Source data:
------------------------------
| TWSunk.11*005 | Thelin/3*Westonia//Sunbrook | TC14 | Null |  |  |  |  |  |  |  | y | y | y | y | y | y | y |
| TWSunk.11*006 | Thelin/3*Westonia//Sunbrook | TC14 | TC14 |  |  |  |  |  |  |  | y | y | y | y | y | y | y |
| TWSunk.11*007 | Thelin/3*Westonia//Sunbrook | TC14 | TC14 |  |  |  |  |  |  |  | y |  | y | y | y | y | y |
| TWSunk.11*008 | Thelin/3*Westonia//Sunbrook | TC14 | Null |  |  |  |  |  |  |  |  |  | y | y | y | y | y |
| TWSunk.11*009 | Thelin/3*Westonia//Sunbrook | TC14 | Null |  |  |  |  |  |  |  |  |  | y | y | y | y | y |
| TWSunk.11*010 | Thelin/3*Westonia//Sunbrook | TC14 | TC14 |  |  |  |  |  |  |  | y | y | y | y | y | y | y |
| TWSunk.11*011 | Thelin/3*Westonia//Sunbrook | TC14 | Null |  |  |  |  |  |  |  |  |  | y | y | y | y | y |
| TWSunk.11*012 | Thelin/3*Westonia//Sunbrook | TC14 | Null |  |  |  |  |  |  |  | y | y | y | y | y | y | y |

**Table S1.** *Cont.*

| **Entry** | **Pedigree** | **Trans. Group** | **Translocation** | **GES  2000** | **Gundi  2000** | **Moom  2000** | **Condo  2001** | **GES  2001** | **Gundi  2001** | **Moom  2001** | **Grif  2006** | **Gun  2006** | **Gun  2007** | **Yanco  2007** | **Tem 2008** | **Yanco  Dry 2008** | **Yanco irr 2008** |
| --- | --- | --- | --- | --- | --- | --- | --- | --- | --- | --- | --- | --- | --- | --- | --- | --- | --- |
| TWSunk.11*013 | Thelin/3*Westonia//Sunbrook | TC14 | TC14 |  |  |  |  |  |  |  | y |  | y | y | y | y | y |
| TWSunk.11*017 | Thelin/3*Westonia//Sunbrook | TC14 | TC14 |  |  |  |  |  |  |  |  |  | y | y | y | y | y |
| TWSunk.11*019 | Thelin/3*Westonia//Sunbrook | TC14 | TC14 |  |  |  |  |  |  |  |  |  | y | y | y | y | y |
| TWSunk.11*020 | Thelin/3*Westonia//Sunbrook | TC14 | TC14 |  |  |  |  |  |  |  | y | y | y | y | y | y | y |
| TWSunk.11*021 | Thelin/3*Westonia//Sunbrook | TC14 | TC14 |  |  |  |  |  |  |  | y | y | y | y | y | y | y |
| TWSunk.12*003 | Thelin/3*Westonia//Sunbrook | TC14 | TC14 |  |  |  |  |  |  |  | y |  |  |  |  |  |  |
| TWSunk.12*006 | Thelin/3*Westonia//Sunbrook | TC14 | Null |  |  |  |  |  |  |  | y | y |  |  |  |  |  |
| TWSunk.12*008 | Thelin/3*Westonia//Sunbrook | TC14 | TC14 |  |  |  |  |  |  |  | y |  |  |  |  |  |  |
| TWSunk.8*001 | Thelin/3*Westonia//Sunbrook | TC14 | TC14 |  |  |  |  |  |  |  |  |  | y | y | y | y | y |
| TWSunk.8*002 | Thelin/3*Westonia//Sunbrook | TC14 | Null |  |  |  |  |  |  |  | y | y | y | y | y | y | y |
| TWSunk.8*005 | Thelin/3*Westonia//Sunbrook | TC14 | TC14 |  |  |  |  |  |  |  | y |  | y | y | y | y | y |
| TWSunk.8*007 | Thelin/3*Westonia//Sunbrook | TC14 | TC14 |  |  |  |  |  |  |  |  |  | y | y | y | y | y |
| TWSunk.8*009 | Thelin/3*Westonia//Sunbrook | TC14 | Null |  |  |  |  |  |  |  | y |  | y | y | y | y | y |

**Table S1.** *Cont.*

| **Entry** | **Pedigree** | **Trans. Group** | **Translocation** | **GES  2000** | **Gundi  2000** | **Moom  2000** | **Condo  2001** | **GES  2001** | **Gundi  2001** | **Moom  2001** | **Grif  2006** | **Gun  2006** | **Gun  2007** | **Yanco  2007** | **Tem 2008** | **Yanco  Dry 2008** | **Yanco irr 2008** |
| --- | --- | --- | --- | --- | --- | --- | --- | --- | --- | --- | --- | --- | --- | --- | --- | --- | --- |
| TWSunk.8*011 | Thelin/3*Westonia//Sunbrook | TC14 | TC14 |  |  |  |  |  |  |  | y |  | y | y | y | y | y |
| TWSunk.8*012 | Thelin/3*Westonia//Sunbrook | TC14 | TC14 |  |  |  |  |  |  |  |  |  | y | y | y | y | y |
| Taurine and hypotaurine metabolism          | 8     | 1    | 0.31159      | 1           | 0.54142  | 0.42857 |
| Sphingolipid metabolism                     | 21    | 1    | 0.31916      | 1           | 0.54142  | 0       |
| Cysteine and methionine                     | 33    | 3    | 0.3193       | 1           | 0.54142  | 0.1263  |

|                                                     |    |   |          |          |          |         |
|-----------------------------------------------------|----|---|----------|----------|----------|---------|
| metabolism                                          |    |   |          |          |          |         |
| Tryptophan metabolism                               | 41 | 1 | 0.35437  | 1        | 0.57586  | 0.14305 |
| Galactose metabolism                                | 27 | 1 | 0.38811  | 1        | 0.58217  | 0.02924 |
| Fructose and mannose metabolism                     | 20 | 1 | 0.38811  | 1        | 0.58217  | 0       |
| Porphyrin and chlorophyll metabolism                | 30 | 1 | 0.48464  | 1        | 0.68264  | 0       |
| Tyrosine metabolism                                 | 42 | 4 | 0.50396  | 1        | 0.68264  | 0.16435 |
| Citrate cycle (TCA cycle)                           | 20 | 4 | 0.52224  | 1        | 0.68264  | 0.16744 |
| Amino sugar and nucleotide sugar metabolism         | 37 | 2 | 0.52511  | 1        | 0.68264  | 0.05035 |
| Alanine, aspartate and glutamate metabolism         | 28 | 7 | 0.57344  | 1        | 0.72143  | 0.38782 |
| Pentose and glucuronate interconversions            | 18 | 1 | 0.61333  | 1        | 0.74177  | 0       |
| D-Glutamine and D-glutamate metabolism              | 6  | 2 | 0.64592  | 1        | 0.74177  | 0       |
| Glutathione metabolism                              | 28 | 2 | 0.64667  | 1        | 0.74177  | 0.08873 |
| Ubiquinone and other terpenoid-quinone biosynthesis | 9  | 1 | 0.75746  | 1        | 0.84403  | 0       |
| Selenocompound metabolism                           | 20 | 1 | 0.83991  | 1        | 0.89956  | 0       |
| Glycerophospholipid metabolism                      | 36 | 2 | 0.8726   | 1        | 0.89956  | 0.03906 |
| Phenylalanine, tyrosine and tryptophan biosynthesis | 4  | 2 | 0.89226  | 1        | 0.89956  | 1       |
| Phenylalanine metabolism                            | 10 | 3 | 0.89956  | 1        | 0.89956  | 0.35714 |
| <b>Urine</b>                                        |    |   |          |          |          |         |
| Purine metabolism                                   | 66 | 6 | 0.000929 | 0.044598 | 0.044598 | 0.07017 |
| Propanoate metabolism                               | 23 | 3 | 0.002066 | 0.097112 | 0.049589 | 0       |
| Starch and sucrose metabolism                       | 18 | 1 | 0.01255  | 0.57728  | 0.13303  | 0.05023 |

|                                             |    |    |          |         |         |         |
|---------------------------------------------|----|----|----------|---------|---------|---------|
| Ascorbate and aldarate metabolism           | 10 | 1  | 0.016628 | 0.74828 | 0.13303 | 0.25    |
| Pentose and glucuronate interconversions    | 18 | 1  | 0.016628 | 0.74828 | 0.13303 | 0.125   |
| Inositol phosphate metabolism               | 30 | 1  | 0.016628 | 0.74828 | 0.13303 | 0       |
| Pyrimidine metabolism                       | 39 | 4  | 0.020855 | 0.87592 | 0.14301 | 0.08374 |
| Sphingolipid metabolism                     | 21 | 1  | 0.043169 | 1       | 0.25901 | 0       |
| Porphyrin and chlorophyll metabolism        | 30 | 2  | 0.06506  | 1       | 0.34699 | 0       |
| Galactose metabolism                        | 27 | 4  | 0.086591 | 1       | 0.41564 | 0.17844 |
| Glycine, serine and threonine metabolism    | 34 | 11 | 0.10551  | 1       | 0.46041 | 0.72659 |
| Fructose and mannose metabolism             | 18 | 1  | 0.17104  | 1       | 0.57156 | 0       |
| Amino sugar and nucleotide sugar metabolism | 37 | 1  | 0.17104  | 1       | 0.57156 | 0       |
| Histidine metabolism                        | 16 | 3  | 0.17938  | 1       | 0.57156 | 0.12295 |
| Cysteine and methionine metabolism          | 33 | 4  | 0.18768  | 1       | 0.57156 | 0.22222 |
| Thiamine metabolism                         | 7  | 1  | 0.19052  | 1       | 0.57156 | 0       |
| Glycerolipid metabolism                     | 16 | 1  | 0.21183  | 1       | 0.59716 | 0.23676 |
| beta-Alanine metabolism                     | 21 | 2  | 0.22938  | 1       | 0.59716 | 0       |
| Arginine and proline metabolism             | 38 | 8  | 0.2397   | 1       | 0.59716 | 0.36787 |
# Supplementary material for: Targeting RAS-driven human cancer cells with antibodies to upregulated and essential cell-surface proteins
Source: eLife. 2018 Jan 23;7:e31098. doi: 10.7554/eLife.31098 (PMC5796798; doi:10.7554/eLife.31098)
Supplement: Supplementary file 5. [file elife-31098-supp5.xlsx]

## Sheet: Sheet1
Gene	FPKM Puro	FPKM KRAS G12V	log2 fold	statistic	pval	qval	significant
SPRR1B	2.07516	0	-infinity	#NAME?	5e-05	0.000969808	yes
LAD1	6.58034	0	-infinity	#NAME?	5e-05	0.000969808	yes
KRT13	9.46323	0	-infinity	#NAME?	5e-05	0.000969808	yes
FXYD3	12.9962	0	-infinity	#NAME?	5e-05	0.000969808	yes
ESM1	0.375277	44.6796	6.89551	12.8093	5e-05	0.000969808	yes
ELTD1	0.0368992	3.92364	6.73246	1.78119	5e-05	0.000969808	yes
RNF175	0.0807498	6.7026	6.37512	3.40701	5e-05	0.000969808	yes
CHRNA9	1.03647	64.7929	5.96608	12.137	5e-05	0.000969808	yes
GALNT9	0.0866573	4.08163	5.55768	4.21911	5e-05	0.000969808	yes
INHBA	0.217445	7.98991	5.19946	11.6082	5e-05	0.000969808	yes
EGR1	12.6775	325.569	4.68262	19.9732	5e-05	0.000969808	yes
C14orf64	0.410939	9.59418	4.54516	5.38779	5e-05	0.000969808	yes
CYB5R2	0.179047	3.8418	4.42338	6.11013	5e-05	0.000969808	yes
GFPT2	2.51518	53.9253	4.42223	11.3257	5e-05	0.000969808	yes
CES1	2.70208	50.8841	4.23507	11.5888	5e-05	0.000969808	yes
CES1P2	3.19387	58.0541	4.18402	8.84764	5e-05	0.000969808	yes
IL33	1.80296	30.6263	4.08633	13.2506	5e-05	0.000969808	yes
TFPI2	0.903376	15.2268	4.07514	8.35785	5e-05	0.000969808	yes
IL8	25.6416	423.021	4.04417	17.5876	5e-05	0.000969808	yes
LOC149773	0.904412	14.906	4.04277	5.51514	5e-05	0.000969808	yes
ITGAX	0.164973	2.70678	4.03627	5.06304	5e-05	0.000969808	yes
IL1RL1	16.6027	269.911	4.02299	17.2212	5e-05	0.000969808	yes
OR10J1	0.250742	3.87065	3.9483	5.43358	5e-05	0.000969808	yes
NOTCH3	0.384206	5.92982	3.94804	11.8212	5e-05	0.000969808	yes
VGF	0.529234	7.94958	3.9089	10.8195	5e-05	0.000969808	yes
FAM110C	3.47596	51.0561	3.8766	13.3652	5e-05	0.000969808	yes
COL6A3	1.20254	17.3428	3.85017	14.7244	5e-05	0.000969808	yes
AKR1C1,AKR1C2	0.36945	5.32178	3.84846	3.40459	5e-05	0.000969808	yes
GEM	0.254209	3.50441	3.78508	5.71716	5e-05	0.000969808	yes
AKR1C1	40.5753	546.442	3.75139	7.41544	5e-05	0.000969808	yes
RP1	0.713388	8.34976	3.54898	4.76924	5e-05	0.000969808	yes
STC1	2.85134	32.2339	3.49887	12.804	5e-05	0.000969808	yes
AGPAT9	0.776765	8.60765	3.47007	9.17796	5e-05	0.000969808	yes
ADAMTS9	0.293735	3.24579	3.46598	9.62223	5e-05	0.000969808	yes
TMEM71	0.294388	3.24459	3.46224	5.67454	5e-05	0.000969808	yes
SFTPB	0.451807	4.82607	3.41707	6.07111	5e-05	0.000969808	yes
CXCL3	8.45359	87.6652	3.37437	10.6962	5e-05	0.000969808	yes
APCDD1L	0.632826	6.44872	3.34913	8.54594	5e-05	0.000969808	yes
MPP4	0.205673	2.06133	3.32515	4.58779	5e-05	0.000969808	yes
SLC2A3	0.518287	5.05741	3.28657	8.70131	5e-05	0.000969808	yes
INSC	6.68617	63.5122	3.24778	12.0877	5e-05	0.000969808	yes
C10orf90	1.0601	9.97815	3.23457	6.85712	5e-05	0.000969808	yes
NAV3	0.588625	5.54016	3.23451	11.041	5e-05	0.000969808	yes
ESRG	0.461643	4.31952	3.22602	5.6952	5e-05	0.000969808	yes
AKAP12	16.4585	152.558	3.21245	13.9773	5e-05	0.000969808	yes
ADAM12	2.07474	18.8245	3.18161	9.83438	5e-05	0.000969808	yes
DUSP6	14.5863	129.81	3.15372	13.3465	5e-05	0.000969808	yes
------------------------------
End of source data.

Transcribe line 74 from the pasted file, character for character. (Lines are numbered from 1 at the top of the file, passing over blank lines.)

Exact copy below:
# Supplementary material for: Targeting RAS-driven human cancer cells with antibodies to upregulated and essential cell-surface proteins